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Kurt Kuhlmann


HST 351


Review:                  Hans Delbrück, History of the Art of War, Vols. I & II.  University of Nebraska Press (1990) [1920-21].

Hans Delbrück's History of the Art of War is certainly an ambitious book, as the title indicates.  First published in 1900-1920, the four volumes covered "the art of war" from the Persian Wars up through Napoleon.  Since he was writing during the heyday of European imperialism, it is not surprising that Delbrück concerns himself solely with the development of Western warfare; since the book was written by a German during the heyday of racially-based nationalism, it occasionally slips into exaggerated admiration for German martial prowess (as far back as Roman times).  He also deals only with land warfare--naval warfare is mentioned only incidentally.  These caveats aside, Delbrück's research and method of organizing his material make this a remarkably durable book--a testament to the enduring strength of the Rankean school of "scientific" history.

The organization of the book is unusual, but very effective.  The main text of each chapter contains Delbrück's argument, while a more-or-less extended "Excursus" follows in which he lays out his evidence in detail, summarizes how other scholars' views differ from his own, and explains the reasoning behind his views.  By separating his conclusions from the scholarly argument surrounding them, he avoids confusing the reader (this is especially applicable for the often arcane debates of ancient military history), while his reasoning is clearly spelled out in case more detail is desired.  In most current historical writing, footnotes have come to play the part of Delbrück's Excursus, to the detriment of the utility of the footnotes, which become so long and full of references to related works it becomes nearly impossible to locate the reference to a specific statement in the text (the actual function of footnotes).  Delbrück's old-fashioned method was thus refreshing.

Another one of the strengths of the book was Delbrück's very critical examination of his sources.  He constantly tested each author's account with reality, and often found that what was supposed to have happened was not physically possible.  An obvious example of this is Herodotus's claim that the Persian army of Xerxes numbered 2,000,000.  While no historian would support this number, Delbrück goes farther than most in his willingness to simply say, "Since this is clearly impossible, we have no idea what the size of the Persian army really was."  One of the main bases of his critical reading of ancient sources is the way that popular belief can deviate from reality within only one generation, which he supports using evidence from the Middle Ages where the stories could be checked.  He argues that victory against a numerically superior foe was often the way that any hard-fought battle came to be portrayed in popular tales, regardless of the actual numbers involved.  In the example of the Persians, he argues that both the nature of the Persian empire and the way they conducted their campaigns in Greece suggest that the Persian army was actually a small, knightly force.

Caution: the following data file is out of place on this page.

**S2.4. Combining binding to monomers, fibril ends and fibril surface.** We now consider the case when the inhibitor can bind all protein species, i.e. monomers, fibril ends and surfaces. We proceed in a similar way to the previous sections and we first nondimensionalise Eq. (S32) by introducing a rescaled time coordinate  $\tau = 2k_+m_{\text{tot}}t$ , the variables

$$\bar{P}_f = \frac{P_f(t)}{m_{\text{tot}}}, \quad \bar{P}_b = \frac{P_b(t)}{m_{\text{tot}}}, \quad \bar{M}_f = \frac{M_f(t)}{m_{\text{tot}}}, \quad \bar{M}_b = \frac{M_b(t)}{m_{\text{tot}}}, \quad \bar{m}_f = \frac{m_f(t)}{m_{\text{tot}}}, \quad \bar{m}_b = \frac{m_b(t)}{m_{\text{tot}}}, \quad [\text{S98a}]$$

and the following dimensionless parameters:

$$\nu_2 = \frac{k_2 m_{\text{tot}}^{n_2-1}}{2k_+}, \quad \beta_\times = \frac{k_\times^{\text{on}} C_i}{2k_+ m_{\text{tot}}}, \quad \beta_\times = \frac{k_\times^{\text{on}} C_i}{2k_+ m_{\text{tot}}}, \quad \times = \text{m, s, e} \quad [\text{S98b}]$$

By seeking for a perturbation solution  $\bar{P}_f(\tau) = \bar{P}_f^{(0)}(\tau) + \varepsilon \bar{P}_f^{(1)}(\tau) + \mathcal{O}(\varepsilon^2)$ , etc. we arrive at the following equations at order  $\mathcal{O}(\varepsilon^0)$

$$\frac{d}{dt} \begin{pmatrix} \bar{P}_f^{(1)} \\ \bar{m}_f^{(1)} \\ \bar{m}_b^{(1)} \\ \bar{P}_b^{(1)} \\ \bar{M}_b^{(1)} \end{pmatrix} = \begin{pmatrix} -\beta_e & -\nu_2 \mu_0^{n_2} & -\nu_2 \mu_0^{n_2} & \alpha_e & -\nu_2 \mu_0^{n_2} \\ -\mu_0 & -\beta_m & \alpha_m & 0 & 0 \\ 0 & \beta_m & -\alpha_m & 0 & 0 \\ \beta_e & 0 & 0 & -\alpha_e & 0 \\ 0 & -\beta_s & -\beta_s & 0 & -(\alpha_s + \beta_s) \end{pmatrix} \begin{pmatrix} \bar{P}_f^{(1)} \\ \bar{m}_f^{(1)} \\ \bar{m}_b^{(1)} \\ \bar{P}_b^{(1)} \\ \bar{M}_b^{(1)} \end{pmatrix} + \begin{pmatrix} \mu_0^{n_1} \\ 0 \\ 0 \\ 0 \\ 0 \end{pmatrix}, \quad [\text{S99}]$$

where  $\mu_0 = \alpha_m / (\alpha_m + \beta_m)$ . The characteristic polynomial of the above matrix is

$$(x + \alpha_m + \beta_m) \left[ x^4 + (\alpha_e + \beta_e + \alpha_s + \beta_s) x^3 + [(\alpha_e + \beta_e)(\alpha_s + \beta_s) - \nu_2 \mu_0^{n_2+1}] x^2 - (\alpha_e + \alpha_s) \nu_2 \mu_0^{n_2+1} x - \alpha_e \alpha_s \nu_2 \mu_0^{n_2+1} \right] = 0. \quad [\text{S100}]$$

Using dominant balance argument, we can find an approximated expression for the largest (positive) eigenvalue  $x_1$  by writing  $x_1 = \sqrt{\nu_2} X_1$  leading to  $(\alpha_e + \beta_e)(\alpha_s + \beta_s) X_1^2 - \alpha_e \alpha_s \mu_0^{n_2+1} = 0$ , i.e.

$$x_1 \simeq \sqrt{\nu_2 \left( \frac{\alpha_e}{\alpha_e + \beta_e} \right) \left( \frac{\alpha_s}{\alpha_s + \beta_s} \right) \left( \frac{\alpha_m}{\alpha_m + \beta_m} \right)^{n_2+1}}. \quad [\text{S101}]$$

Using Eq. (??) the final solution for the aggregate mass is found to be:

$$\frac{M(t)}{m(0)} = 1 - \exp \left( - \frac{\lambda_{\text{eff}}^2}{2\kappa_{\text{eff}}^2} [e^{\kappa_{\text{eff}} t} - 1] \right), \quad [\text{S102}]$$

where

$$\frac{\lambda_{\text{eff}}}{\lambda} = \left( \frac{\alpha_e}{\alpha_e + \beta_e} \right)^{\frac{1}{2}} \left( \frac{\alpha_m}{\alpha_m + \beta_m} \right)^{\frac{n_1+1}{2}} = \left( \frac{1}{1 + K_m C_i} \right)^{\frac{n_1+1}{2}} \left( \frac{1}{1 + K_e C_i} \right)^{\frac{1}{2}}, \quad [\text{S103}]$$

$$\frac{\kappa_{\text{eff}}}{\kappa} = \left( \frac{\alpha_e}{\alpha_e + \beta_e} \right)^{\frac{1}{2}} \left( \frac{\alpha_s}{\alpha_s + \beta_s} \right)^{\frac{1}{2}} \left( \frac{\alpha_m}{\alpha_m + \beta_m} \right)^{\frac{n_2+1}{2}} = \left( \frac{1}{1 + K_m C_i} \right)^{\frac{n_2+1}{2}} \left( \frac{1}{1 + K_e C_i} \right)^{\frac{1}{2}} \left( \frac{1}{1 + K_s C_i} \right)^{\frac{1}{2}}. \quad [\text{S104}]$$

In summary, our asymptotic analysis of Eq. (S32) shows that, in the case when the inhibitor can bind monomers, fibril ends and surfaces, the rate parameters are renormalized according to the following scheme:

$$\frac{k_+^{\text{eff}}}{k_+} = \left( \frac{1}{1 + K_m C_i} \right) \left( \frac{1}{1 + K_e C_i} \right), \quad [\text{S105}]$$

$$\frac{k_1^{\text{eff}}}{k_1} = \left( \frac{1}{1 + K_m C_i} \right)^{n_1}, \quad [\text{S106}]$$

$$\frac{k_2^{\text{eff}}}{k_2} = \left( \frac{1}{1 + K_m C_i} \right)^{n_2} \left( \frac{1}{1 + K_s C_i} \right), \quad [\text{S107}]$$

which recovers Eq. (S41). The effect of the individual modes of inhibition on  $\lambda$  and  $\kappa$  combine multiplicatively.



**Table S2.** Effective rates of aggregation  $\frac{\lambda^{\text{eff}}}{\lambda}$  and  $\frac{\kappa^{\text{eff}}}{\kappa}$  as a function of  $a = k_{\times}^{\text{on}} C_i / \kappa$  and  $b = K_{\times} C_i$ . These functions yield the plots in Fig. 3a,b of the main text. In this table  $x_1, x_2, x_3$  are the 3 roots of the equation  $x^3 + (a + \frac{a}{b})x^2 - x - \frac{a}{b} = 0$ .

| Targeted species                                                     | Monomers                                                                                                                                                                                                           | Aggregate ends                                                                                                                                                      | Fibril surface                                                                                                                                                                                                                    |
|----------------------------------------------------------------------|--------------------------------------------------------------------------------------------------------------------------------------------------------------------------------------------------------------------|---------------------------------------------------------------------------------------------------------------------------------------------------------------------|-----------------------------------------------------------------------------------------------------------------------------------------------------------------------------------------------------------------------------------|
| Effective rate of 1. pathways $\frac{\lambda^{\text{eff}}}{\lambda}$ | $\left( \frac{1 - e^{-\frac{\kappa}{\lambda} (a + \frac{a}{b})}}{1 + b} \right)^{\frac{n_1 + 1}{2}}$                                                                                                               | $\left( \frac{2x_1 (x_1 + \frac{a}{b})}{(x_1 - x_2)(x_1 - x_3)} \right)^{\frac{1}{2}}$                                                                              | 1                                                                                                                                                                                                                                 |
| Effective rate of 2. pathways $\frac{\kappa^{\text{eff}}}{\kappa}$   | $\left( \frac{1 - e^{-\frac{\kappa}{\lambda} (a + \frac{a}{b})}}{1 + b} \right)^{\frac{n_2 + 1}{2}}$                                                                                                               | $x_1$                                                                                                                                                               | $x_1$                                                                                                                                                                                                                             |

Another strength is the depth of thought that is apparent in the selection of what to cover, a vital necessity for a book of this scope.  Delbrück limits his history to "the art of war," which he defines broadly but carefully to encompass anything which affects the way that an army conducted itself in the field.  His history is not, therefore, a catalogue of the major battles throughout history; rather, he selects those battles which illustrate an important change in strategy, tactics, organization, etc.  He also devotes at least half of the book to the political and economic history which interacted with purely military affairs to produce these changes.  For example, in explaining Caesar's conquest of Gaul, he notes that "the superiority of the Roman art of warfare was based on the army organization as a whole, a system that permitted very large masses of men to be concentrated at a given point, to move in an orderly fashion, to be fed, to be kept together.  The Gauls could do none of these things." (Vol. I, p. 510)

That Delbrück's history has survived so well is largely due to his obvious mastery of the material, but the way in which his evidence is presented is also important.  With all the evidence for each chapter laid out in its Excursus, it is relatively easy to locate where his conclusions have been superseded by new research.  What is most remarkable is how little this is necessary.

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